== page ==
ELLSWORTH — Add this to the list of things that will have to wait as officials around the county and state deal with coronavirus: solar panels in Ellsworth.
City councilors voted on March 16 to table discussing a proposed ordinance on solar panels in light of limited public access to City Hall because of coronavirus concerns.
“This is a significant issue that we should have public input on and not pass it when we don’t have the opportunity for the community to weigh in,” said Chairman Dale Hamilton at a council meeting on March 16.
There was no word on when the council would take up the proposed ordinance changes. A company out of New Hampshire, SunRaise Development, LLC, has approached city officials with plans to put up nearly 11,000 photovoltaic panels on two parcels of land on the Mariaville Road, but officials said last Monday they would work with the company and ask it to delay the application until the city has regulations in place.
The plans, which were set to be presented at a Planning Board meeting scheduled for April 1 (the meeting has since been canceled), included a 3.1-acre solar energy facility with 5,780 panels and a 540-foot gravel access road on a 29-acre parcel, what the company has dubbed the “east site,” and an additional 5,120 panels on a 7.53-acre parcel, the “west site,” on 11.6 acres with a 677-foot gravel access road. Both parcels are currently owned by Bridgetwin, LLC. The land is in the urban and limited residential zones.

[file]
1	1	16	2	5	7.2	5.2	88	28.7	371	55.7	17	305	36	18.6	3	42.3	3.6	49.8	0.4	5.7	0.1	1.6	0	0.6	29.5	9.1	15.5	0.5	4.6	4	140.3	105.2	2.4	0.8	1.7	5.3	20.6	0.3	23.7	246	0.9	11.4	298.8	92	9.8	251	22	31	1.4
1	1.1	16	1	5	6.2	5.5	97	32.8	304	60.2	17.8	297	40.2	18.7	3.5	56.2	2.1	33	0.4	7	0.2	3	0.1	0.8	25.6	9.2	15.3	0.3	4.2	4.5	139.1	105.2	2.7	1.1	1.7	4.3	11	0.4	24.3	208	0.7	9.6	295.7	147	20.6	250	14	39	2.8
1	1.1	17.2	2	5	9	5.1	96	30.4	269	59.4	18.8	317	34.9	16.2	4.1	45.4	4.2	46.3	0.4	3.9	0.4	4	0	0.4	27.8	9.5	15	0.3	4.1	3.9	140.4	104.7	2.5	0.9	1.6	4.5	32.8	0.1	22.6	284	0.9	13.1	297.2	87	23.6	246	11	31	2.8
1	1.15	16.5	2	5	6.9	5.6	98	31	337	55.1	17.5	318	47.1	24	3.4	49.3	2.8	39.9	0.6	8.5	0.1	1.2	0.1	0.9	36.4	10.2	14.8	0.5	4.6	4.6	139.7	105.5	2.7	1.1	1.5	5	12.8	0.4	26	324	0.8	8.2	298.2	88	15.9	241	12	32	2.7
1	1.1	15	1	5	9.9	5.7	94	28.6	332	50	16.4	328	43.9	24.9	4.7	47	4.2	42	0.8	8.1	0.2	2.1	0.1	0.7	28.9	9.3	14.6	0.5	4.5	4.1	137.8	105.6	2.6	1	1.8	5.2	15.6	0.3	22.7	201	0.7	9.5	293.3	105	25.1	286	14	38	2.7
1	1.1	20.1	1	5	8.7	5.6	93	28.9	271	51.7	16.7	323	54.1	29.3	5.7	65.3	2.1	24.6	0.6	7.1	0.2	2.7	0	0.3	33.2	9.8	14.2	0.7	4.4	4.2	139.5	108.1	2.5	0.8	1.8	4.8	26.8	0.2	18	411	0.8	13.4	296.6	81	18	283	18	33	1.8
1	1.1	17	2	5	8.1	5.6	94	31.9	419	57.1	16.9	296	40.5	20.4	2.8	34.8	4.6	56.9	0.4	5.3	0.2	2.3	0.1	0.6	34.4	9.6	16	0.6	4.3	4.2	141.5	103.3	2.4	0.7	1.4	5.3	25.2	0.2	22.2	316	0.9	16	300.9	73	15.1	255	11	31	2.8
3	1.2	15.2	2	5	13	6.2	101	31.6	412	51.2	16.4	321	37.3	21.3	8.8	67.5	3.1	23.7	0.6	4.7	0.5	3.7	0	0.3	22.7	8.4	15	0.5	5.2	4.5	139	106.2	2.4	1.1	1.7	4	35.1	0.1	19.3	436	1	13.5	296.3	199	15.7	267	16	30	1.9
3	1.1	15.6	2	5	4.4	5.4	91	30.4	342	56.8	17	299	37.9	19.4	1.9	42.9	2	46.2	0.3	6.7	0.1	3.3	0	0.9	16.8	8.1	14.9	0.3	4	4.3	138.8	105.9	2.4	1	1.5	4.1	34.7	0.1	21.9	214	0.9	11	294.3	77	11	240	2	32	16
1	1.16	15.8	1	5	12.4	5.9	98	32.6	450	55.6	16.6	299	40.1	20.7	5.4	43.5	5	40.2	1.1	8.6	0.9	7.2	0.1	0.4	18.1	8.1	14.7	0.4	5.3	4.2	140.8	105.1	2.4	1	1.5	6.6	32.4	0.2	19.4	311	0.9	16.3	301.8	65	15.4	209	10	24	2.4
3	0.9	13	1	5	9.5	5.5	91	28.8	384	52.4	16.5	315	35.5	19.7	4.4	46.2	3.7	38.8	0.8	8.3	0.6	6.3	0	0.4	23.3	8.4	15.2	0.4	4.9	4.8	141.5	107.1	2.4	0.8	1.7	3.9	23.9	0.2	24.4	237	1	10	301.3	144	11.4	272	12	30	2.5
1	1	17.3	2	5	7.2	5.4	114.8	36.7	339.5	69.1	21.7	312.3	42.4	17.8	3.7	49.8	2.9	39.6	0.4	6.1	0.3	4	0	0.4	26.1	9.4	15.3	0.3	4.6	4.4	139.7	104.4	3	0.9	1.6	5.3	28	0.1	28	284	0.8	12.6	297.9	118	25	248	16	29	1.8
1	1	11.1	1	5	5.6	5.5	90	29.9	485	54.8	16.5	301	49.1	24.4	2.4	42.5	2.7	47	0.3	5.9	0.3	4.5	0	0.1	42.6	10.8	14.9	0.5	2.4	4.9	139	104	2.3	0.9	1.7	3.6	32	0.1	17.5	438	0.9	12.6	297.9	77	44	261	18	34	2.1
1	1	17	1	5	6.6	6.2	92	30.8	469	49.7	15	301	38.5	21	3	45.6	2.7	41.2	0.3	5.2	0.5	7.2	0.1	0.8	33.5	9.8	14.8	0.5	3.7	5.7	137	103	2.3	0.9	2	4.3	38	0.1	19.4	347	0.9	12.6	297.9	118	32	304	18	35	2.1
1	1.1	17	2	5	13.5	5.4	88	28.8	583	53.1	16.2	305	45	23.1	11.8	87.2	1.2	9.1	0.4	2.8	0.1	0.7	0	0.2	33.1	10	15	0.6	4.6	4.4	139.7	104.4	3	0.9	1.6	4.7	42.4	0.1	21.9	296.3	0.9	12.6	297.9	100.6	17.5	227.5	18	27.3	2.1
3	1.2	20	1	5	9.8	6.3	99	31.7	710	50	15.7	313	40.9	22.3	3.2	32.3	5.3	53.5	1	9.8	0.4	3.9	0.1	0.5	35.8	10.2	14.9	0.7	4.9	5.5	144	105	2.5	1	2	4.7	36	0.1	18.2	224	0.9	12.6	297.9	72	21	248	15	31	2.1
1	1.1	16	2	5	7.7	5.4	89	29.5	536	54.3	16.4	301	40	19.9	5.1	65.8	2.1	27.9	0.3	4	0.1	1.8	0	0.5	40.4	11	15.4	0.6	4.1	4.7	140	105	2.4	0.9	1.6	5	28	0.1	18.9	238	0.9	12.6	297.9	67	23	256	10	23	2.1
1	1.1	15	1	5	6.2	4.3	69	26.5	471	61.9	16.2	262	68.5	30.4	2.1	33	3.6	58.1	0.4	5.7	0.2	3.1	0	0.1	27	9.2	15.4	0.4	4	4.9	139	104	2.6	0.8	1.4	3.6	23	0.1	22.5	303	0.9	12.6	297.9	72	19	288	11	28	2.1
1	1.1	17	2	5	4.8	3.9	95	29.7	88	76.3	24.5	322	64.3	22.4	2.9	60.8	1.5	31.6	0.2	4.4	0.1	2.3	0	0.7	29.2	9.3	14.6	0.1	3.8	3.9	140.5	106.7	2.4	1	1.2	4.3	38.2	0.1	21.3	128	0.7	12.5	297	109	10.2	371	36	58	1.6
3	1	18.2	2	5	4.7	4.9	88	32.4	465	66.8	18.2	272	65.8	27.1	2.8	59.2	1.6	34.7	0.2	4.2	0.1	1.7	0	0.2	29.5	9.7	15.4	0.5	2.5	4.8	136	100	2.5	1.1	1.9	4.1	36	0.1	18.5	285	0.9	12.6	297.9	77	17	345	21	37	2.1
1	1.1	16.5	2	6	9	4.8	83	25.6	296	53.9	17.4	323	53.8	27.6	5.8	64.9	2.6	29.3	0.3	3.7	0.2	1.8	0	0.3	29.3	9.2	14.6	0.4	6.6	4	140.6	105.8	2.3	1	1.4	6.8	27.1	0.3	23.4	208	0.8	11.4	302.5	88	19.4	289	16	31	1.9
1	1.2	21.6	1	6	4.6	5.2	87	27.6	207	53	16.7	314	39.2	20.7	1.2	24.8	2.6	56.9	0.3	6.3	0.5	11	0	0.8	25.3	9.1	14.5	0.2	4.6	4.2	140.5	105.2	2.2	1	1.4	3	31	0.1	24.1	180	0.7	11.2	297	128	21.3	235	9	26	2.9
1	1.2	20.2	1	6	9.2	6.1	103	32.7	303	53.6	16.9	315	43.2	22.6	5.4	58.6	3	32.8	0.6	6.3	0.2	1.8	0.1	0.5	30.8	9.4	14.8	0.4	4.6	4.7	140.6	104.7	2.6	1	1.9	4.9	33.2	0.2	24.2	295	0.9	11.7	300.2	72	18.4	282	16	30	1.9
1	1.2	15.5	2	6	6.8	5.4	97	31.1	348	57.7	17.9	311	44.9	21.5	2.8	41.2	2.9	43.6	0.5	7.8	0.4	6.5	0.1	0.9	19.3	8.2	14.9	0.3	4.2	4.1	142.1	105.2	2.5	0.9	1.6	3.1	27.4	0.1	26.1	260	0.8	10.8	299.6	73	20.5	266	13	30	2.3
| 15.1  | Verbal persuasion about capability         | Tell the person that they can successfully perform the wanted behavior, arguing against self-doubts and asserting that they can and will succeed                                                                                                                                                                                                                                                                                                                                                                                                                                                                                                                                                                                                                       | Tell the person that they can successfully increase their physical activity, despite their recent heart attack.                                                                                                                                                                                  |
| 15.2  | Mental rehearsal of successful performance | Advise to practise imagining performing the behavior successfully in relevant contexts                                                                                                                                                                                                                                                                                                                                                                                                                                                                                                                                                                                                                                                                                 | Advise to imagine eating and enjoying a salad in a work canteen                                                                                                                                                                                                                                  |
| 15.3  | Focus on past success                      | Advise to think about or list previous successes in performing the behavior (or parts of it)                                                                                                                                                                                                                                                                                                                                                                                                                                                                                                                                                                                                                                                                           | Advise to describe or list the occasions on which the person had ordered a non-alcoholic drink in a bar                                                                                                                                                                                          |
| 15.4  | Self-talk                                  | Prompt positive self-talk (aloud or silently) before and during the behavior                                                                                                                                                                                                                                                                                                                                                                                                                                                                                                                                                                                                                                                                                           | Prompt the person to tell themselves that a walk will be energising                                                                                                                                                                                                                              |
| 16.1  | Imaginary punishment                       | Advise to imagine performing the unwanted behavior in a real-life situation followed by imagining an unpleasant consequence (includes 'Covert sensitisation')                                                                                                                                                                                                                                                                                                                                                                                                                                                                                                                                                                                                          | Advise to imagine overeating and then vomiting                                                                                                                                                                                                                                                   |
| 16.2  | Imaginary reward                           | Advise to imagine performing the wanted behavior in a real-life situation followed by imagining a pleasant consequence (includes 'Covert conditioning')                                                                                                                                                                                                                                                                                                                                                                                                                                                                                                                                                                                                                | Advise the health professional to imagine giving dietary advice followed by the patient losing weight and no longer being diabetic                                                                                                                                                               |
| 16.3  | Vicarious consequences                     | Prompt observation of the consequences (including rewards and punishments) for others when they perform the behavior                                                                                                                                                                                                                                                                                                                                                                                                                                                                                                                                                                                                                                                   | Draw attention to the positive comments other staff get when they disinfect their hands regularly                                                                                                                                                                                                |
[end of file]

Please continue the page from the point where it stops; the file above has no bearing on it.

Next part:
“That application is already in the pipeline,” said Planning Board member John DeLeo last Monday evening, suggesting officials get an opinion from city attorneys before going forward. “If that comes before the Planning Board with nothing in our ordinances to cover solar farms … do we have jurisdiction over it?”
“We ran into this on a couple of other things in the past,” said Council member John Phillips. “Once it was started and initiated you had to use present rules at the time the application was started.”
DeLeo said he had gotten an opinion from a woman on the Planning Board in Trenton who said she was told by an attorney from the Maine Municipal Association that, with no ordinance in place, the board would have to deny an application because it would not have jurisdiction to hear the matter.
“They’ll be back,” said DeLeo, “if we deny the application and say resubmit it after the council has a chance to, hopefully, pass this.”
City staff have been in the process of drafting regulations on solar energy for several months, looking at where panels would be allowed, height restrictions, setbacks, battery storage and what happens to panels once they reach the end of their useful life. Any ordinance changes must be approved by the City Council before they can take effect.